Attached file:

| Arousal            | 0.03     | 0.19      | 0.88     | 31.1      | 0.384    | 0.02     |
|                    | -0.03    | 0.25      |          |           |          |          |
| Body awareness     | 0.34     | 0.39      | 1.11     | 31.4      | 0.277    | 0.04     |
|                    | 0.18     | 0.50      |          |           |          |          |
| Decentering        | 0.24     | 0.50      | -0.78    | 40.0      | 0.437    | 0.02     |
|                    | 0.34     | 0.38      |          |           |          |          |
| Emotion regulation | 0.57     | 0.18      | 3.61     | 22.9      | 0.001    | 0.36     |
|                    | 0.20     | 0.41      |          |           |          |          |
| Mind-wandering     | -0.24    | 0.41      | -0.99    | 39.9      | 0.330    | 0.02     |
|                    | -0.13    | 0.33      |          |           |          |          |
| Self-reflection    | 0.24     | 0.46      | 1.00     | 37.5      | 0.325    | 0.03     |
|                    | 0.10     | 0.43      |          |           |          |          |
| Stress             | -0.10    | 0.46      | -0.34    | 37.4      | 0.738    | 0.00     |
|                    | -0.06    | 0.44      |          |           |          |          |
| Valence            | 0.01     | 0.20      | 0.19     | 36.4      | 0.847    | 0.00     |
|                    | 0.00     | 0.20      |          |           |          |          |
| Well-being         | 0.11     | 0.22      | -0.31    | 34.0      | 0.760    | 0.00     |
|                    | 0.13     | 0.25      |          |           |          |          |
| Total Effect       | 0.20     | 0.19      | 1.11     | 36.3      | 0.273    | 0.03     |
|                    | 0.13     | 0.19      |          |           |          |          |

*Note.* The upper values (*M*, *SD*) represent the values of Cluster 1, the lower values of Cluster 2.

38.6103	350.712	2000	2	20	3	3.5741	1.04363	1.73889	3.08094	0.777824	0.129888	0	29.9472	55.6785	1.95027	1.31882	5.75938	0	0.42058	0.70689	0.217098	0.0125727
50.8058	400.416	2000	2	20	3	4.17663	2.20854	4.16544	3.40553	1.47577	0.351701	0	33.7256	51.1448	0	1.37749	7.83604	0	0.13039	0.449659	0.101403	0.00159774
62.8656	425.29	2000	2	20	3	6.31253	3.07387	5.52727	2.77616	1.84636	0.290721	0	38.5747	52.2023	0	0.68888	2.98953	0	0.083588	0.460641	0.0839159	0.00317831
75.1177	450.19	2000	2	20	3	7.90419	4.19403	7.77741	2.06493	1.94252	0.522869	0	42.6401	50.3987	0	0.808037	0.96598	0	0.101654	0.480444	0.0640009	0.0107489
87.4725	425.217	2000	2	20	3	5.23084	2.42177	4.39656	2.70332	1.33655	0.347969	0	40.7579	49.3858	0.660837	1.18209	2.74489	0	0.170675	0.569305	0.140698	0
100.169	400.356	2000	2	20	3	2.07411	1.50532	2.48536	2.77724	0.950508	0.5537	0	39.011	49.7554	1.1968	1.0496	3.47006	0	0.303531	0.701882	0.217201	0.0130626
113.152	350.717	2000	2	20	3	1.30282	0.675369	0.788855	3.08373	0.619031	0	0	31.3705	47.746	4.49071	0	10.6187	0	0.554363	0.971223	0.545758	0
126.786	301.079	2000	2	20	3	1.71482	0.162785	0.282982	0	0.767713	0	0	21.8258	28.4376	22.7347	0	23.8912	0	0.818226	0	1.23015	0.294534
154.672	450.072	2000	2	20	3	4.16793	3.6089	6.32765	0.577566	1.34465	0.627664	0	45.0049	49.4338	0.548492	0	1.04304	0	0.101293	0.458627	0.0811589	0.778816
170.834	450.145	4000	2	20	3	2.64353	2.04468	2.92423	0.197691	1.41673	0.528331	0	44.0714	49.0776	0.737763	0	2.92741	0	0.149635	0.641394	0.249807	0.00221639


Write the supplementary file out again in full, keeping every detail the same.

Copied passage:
| Arousal            | 0.03     | 0.19      | 0.88     | 31.1      | 0.384    | 0.02     |
|                    | -0.03    | 0.25      |          |           |          |          |
| Body awareness     | 0.34     | 0.39      | 1.11     | 31.4      | 0.277    | 0.04     |
|                    | 0.18     | 0.50      |          |           |          |          |
| Decentering        | 0.24     | 0.50      | -0.78    | 40.0      | 0.437    | 0.02     |
|                    | 0.34     | 0.38      |          |           |          |          |
| Emotion regulation | 0.57     | 0.18      | 3.61     | 22.9      | 0.001    | 0.36     |
|                    | 0.20     | 0.41      |          |           |          |          |
| Mind-wandering     | -0.24    | 0.41      | -0.99    | 39.9      | 0.330    | 0.02     |
|                    | -0.13    | 0.33      |          |           |          |          |
| Self-reflection    | 0.24     | 0.46      | 1.00     | 37.5      | 0.325    | 0.03     |
|                    | 0.10     | 0.43      |          |           |          |          |
| Stress             | -0.10    | 0.46      | -0.34    | 37.4      | 0.738    | 0.00     |
|                    | -0.06    | 0.44      |          |           |          |          |
| Valence            | 0.01     | 0.20      | 0.19     | 36.4      | 0.847    | 0.00     |
|                    | 0.00     | 0.20      |          |           |          |          |
| Well-being         | 0.11     | 0.22      | -0.31    | 34.0      | 0.760    | 0.00     |
|                    | 0.13     | 0.25      |          |           |          |          |
| Total Effect       | 0.20     | 0.19      | 1.11     | 36.3      | 0.273    | 0.03     |
|                    | 0.13     | 0.19      |          |           |          |          |

*Note.* The upper values (*M*, *SD*) represent the values of Cluster 1, the lower values of Cluster 2.

38.6103	350.712	2000	2	20	3	3.5741	1.04363	1.73889	3.08094	0.777824	0.129888	0	29.9472	55.6785	1.95027	1.31882	5.75938	0	0.42058	0.70689	0.217098	0.0125727
50.8058	400.416	2000	2	20	3	4.17663	2.20854	4.16544	3.40553	1.47577	0.351701	0	33.7256	51.1448	0	1.37749	7.83604	0	0.13039	0.449659	0.101403	0.00159774
62.8656	425.29	2000	2	20	3	6.31253	3.07387	5.52727	2.77616	1.84636	0.290721	0	38.5747	52.2023	0	0.68888	2.98953	0	0.083588	0.460641	0.0839159	0.00317831
75.1177	450.19	2000	2	20	3	7.90419	4.19403	7.77741	2.06493	1.94252	0.522869	0	42.6401	50.3987	0	0.808037	0.96598	0	0.101654	0.480444	0.0640009	0.0107489
87.4725	425.217	2000	2	20	3	5.23084	2.42177	4.39656	2.70332	1.33655	0.347969	0	40.7579	49.3858	0.660837	1.18209	2.74489	0	0.170675	0.569305	0.140698	0
100.169	400.356	2000	2	20	3	2.07411	1.50532	2.48536	2.77724	0.950508	0.5537	0	39.011	49.7554	1.1968	1.0496	3.47006	0	0.303531	0.701882	0.217201	0.0130626
113.152	350.717	2000	2	20	3	1.30282	0.675369	0.788855	3.08373	0.619031	0	0	31.3705	47.746	4.49071	0	10.6187	0	0.554363	0.971223	0.545758	0
126.786	301.079	2000	2	20	3	1.71482	0.162785	0.282982	0	0.767713	0	0	21.8258	28.4376	22.7347	0	23.8912	0	0.818226	0	1.23015	0.294534
154.672	450.072	2000	2	20	3	4.16793	3.6089	6.32765	0.577566	1.34465	0.627664	0	45.0049	49.4338	0.548492	0	1.04304	0	0.101293	0.458627	0.0811589	0.778816
170.834	450.145	4000	2	20	3	2.64353	2.04468	2.92423	0.197691	1.41673	0.528331	0	44.0714	49.0776	0.737763	0	2.92741	0	0.149635	0.641394	0.249807	0.00221639